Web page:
Instructions and screenshots below may not exactly match the ElasticEmail configuration path you should follow, since ElasticEmail may change them without notice. The ElasticEmail support service can help you to complete the two most impostant steps: validate your domain and get an API key.
Validating your domain
Enter the ElasticEmail console and select “Settings” and then “Domains”. Click on “Add domain”.
Write the domain name you want to verify (without the www).
It will be listed in your configured domain. Now it’s time to change your DNS to add and SPF and a DKIM entry to validate the domain. As your provider for support if you don’t know how to add those entries.
To get the values to be added in your DNS, click the “?” near SPF and near DKIM.
Once the records have been added in your DNS, click “verify” so ElesticEmail will check them. If everything is fine you should get a green check. You may choose to verify only the SPF record, ElasticEmail accepts even only that configuration to validate the domain (but they can change in the future their policy).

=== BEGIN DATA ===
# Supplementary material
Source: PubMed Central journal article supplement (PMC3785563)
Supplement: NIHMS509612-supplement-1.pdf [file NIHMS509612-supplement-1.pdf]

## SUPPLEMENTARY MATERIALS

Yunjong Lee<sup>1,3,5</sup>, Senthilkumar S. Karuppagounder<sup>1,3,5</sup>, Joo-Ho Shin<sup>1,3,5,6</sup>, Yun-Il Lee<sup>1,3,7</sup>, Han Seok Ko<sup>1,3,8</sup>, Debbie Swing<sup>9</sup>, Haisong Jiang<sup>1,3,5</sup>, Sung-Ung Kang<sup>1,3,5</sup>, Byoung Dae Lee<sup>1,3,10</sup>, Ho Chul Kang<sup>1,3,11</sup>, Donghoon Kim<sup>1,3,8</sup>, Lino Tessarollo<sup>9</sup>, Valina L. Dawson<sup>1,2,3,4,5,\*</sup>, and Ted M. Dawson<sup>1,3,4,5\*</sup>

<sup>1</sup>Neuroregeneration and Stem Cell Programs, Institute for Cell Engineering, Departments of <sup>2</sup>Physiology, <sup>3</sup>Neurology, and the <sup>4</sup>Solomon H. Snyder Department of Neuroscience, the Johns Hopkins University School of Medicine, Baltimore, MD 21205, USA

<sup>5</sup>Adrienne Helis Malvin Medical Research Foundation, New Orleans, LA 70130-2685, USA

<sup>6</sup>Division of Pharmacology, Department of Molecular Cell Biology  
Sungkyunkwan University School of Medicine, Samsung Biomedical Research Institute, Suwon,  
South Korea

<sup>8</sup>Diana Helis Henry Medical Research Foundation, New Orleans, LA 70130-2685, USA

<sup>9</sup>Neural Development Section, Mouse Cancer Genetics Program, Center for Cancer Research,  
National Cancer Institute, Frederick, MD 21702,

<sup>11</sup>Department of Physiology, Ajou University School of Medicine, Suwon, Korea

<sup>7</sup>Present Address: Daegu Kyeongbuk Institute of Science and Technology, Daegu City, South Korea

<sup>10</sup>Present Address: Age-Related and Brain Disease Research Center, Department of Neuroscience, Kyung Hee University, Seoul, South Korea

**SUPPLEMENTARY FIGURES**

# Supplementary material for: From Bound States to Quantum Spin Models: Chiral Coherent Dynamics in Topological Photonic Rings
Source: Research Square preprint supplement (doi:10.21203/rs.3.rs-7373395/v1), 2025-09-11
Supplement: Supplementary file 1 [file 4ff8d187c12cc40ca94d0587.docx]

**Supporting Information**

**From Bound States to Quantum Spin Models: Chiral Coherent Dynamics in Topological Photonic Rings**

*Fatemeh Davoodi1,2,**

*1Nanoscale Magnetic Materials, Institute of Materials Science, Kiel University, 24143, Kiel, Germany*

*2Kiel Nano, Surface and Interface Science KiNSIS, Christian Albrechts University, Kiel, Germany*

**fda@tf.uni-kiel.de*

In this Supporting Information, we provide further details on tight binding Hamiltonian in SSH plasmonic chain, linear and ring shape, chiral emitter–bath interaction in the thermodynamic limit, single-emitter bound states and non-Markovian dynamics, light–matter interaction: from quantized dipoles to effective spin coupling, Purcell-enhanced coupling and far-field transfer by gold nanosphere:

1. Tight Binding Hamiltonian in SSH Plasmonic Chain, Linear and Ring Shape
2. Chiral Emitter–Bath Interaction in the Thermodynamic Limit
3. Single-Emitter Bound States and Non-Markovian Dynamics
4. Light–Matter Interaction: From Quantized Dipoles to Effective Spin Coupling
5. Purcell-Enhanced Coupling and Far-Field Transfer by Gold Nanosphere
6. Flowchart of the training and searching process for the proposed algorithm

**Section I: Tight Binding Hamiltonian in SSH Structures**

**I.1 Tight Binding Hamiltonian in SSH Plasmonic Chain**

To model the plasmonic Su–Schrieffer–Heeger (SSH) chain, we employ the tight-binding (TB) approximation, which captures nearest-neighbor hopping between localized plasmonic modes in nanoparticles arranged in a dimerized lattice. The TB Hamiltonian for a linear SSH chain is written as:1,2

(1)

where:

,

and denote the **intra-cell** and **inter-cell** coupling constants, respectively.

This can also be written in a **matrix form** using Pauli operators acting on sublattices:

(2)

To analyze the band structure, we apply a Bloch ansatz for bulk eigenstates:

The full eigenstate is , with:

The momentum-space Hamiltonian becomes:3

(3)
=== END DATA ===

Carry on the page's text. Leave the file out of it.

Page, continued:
Getting an API key
Enter the “Settings” menu and select “SMTP/API”. Your API key is already there, just copy it on this extension configuration:
Do few tests and on success you can enable the extension.
ElasticEmail give you a single API key. If you need more to use them in different services, you can create one or more subaccounts directly from your ElasticEmail console and get a new API key for each account.
For example if you have two blogs and the newsletters are manage by different people, you should create two api key to have more control over the ElastcEmail usage and account reputation.
Subaccount are usually provided to agencies which “resell” the sending service to their customers being able to give them indipendent API key.